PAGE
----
45 Tyvola & Archdale Transit Station Area Plan The Tyvola & Archdale plan area will become part of the series of vibrant, high density transit villages along the South Corridor. Within its boundaries, there will be three distinct areas: Transit Station Area: The core of the study area, encompassing both the Tyvola and Archdale transit stations, will transform into a pedestrian-oriented urban district. This district will include opportunities for living, working, and shopping. General Corridor Area: The area between the Transit Station Area and I-77 will include a range of uses appropriate for a Growth Corridor. Existing light industrial, warehouse, office, retail, and hotel uses will remain, especially in the areas close to the I-77 and Tyvola Road interchange. Over time, some of these uses closest to the transit station may redevelop as higher density mixed uses. Existing multi-family areas may remain or redevelop with higher density housing. The single family Montclaire South neighborhood and the neighborhood around Silverleaf Road and Green Hill Drive will be preserved and protected from incompatible uses. Wedge Neighborhood Area: The lower density residential character of the existing Madison Park, Montclaire, and Starmount neighborhoods will be maintained.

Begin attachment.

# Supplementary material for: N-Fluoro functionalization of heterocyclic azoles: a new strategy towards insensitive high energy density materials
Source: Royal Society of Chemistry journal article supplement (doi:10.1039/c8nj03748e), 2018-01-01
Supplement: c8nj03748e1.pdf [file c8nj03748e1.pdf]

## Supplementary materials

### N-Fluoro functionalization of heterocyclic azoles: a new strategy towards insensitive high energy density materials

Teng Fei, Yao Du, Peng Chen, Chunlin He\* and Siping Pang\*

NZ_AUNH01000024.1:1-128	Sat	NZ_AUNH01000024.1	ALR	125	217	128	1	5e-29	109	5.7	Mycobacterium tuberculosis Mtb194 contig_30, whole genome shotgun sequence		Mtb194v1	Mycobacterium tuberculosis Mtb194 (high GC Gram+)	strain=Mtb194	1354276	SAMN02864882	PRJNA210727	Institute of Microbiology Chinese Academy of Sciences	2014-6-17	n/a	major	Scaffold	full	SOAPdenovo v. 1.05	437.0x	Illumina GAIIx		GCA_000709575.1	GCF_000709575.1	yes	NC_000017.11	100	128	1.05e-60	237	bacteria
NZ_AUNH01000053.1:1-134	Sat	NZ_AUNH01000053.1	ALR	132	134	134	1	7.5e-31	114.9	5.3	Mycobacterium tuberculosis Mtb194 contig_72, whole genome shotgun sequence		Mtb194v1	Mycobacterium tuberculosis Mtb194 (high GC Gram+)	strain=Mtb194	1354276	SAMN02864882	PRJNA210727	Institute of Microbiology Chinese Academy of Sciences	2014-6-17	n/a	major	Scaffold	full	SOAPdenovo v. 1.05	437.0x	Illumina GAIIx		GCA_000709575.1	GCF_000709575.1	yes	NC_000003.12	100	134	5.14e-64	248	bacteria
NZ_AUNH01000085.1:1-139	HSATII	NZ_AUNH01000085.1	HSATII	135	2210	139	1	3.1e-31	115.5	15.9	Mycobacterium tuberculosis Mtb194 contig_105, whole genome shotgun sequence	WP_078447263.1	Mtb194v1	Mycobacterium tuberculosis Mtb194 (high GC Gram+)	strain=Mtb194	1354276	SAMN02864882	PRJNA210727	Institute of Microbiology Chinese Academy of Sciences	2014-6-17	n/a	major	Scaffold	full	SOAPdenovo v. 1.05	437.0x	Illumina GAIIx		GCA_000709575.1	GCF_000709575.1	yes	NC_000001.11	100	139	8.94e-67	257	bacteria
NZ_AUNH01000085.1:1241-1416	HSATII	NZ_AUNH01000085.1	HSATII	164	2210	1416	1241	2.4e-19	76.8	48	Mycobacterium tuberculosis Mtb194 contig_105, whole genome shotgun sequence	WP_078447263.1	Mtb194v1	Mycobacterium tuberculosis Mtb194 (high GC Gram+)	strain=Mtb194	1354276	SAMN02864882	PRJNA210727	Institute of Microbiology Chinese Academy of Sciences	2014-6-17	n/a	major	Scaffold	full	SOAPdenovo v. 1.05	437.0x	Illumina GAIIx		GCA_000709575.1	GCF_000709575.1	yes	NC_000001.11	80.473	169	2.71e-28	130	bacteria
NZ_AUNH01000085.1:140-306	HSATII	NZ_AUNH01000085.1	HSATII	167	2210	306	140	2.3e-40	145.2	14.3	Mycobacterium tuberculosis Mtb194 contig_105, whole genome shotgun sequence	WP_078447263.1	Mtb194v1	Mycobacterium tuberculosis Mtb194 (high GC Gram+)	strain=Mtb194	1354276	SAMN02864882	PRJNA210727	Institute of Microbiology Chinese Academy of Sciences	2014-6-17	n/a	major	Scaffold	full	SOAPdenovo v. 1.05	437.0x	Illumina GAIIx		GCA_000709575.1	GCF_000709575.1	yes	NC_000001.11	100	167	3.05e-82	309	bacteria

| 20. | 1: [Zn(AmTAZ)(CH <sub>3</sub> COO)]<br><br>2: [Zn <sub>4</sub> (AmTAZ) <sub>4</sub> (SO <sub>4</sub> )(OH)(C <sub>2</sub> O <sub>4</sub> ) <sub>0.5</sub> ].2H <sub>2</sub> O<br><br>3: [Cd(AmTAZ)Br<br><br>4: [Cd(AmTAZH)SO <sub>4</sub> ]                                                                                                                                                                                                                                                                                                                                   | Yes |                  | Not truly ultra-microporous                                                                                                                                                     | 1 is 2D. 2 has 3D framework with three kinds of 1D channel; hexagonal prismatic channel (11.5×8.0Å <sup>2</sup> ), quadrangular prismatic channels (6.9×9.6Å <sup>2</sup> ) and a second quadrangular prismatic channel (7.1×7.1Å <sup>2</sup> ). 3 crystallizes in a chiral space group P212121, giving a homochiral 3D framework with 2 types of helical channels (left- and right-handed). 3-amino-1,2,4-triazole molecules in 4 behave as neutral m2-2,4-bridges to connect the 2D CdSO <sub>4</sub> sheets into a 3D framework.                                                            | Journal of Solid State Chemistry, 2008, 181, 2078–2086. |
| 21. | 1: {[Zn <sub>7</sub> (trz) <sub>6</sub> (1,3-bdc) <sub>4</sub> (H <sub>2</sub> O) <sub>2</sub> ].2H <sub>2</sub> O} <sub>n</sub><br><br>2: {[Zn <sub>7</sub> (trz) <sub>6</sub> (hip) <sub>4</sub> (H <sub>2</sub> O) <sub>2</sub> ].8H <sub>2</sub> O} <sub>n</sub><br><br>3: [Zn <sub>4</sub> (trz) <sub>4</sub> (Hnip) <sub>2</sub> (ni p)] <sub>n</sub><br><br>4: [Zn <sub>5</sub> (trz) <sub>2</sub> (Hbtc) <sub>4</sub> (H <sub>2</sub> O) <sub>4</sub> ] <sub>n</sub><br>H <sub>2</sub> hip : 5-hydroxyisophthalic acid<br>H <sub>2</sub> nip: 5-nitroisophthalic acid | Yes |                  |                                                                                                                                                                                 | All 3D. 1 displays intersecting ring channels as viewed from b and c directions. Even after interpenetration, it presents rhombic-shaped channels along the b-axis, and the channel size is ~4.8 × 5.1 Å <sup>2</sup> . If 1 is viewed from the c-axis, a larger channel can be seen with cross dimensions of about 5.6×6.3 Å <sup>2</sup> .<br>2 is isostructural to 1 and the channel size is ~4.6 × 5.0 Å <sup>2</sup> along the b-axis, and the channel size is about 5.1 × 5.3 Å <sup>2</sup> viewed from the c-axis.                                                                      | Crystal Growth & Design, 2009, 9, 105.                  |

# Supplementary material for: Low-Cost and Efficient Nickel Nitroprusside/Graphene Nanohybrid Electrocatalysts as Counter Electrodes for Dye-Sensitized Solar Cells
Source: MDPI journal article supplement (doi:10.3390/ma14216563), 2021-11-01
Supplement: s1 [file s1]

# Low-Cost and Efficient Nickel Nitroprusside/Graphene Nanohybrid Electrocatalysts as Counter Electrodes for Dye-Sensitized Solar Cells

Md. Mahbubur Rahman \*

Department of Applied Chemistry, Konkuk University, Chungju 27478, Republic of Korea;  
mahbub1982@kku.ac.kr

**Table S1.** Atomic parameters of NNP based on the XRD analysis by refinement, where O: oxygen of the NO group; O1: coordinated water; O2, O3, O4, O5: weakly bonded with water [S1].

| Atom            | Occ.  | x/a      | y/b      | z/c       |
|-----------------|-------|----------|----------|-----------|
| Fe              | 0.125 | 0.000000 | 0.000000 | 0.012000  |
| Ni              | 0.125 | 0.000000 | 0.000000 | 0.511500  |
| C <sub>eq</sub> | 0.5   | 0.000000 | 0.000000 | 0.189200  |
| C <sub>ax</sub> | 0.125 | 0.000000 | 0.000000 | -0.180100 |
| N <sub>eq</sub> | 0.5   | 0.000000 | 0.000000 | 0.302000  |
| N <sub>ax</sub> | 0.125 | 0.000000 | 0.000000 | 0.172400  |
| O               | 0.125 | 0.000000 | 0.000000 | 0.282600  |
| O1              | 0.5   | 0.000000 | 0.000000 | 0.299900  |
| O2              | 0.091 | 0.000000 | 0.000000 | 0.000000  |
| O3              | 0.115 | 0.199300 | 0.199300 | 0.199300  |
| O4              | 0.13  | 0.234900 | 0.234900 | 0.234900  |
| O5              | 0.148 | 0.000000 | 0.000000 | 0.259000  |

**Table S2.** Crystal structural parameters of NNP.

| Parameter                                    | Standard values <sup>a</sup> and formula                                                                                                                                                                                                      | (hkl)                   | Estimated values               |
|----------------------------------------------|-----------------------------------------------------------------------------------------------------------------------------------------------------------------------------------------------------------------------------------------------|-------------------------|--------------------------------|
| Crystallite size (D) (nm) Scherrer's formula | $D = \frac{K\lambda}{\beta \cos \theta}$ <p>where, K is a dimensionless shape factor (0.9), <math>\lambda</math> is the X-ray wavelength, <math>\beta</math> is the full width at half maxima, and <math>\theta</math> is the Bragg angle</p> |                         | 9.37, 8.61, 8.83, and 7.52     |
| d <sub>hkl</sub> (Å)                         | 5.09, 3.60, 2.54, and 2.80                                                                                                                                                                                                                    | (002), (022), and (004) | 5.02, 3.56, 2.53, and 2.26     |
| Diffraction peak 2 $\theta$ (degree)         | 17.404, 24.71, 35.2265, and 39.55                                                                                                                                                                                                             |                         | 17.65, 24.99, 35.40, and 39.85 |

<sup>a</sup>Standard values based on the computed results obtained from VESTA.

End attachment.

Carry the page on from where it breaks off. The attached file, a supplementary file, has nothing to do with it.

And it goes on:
46 Steele Creek Area Plan
47 Park Woodlawn Sample The Plan Area is a long standing Charlotte neighborhood that is a diverse community of residents, businesses, and institutions located along Park and Woodlawn Road. The area is unique in that. This plan sets forth a vision for this area by moving forward with its unique focus on: Neighborhoods that are. They seek to be. Mixed-Use Activity Center that is. It seeks to be.
48 Group Exercise
49 Group Exercise Divide into groups: 20 minute exercise. On sticky notes provided, write phrases that describe the desired future for your neighborhood, activity center and/or the larger area. Place note on the board in appropriate group. With facilitator s help, group similar notes and fine tune a manageable list of desires for the larger area. Report back to larger group and compare notes.
50 Next Steps
51 Next Steps Citizen Advisory Group Meetings All meetings start at 6pm Location TBD 1 st Meeting December 8 th, 2011 Future Monthly Meeting Dates and Location TBD
52 Thank You! Planning Staff Contact: Alberto Gonzalez Phone: City and County Staff will be available to discuss specific issues with you after the meeting.